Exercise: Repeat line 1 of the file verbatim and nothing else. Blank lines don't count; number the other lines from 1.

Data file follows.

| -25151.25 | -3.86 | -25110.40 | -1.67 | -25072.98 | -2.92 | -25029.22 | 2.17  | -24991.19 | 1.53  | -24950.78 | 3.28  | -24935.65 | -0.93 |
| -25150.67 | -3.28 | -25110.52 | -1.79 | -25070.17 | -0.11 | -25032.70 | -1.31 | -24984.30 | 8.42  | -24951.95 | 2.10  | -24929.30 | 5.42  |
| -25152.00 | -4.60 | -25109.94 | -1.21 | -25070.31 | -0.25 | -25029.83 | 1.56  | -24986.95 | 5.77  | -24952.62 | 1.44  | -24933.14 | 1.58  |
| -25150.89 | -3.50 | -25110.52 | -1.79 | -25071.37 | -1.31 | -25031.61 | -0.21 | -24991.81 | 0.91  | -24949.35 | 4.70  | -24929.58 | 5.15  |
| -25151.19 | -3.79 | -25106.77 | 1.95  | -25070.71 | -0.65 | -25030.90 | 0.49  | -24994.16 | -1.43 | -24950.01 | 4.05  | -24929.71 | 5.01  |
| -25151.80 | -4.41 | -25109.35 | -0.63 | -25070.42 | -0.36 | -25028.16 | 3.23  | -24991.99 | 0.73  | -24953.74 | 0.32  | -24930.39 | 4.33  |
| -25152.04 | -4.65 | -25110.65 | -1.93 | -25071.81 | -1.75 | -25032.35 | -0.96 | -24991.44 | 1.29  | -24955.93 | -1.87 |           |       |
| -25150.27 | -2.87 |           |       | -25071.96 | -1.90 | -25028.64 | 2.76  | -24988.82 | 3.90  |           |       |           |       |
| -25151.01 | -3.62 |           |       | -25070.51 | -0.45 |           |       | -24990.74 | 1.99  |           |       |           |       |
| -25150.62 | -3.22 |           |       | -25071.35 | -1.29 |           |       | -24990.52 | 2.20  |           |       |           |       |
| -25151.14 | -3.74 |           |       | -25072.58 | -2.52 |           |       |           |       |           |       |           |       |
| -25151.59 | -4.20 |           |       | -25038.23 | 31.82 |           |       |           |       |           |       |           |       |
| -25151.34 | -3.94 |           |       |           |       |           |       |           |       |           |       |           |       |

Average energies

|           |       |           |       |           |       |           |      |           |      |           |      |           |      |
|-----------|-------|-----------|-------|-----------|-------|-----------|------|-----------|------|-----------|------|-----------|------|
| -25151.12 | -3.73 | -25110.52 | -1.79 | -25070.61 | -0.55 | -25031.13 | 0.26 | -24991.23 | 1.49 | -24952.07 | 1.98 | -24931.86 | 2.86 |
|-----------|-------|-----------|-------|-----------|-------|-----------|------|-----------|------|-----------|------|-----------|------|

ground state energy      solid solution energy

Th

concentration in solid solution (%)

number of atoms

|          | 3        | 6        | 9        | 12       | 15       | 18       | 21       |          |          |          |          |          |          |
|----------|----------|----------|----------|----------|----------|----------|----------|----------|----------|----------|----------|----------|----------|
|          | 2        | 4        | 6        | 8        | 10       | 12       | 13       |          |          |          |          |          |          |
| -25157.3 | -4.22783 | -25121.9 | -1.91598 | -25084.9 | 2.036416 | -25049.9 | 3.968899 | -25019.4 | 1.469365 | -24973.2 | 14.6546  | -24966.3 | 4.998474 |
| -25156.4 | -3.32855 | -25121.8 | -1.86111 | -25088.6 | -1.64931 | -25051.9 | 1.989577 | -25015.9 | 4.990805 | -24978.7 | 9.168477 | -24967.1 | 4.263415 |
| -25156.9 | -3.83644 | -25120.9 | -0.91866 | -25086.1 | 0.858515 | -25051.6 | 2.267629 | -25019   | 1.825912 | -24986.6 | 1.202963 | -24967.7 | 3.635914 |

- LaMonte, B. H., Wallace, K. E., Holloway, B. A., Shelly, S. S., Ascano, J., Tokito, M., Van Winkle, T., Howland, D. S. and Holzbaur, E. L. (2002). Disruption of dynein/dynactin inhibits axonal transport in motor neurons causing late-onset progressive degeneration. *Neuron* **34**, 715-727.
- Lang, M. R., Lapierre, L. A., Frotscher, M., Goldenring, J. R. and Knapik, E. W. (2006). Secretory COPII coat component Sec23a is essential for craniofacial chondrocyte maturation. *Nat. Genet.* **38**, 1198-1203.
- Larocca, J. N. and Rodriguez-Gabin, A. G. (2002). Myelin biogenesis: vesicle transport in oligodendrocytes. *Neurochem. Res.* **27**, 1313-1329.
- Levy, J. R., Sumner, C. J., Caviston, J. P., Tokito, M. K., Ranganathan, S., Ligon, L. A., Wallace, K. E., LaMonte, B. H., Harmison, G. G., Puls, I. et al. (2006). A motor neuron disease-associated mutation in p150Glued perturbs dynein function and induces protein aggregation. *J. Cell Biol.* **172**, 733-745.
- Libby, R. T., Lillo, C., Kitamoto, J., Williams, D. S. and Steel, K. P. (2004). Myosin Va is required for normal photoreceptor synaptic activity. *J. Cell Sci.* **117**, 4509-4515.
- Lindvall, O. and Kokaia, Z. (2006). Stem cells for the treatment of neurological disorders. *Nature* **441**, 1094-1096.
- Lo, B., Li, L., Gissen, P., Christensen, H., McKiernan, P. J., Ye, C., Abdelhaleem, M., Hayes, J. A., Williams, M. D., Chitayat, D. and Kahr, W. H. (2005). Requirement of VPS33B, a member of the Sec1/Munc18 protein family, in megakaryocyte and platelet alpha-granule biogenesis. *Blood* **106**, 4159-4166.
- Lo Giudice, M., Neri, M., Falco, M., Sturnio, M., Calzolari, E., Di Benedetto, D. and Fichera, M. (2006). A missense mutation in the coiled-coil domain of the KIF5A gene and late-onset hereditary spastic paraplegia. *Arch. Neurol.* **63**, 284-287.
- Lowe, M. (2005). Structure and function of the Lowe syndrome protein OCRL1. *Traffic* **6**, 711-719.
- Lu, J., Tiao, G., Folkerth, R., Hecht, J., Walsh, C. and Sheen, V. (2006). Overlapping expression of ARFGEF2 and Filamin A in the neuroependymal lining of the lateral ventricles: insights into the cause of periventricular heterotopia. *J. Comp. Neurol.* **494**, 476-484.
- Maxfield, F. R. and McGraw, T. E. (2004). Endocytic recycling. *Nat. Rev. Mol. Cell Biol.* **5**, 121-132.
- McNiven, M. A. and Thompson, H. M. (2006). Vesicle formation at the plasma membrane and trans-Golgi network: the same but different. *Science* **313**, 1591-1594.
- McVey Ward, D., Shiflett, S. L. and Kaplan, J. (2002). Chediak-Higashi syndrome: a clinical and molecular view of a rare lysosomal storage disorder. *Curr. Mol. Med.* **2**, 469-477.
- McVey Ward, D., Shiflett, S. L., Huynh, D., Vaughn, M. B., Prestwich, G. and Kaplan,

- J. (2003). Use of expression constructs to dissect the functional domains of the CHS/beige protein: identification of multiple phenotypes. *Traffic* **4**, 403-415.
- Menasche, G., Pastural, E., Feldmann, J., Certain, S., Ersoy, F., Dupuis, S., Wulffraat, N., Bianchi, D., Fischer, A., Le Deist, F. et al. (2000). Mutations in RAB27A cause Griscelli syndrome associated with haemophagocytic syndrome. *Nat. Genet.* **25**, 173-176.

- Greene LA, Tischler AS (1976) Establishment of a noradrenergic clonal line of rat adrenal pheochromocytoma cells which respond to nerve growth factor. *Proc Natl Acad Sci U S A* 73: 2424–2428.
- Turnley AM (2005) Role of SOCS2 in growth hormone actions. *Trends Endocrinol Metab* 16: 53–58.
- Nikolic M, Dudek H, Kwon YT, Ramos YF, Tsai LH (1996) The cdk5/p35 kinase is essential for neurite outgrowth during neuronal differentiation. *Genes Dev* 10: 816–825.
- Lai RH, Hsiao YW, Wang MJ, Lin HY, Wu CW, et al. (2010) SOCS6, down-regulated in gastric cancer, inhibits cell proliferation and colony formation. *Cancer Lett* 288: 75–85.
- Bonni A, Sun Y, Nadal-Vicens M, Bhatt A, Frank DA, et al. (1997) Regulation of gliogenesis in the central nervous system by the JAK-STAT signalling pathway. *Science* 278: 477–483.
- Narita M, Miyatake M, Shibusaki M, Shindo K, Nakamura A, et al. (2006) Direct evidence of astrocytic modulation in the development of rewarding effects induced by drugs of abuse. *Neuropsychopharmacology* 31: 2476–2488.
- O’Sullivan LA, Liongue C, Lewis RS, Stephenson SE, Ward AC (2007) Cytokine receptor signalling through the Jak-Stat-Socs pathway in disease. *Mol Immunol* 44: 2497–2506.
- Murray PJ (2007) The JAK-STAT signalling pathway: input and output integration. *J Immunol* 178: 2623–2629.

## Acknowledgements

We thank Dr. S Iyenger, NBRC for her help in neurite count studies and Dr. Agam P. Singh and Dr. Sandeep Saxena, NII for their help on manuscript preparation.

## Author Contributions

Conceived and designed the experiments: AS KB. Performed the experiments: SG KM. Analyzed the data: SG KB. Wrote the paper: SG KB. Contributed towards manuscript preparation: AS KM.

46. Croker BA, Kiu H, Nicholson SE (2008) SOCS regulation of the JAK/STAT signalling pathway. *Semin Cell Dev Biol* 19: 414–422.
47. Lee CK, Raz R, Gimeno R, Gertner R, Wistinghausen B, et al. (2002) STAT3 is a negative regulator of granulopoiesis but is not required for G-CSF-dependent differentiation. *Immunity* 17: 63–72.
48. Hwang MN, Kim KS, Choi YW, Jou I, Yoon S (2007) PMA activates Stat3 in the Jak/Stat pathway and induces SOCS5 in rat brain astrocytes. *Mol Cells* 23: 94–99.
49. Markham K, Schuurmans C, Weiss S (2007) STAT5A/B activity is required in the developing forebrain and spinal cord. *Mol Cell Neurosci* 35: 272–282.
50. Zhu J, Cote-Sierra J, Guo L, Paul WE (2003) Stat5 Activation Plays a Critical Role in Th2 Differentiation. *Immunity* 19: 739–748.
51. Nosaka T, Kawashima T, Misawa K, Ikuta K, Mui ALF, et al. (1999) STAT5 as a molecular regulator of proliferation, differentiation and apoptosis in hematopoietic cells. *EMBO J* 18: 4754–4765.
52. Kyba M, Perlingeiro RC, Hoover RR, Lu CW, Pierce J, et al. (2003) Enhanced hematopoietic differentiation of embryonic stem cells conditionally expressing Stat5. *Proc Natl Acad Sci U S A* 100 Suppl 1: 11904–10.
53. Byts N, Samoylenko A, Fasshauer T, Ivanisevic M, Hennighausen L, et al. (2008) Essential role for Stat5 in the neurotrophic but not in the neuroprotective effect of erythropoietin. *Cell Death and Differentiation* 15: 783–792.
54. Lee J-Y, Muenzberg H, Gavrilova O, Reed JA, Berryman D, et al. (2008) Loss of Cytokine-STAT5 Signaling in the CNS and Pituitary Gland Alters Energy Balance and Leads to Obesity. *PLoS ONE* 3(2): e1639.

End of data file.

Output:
| -25151.25 | -3.86 | -25110.40 | -1.67 | -25072.98 | -2.92 | -25029.22 | 2.17  | -24991.19 | 1.53  | -24950.78 | 3.28  | -24935.65 | -0.93 |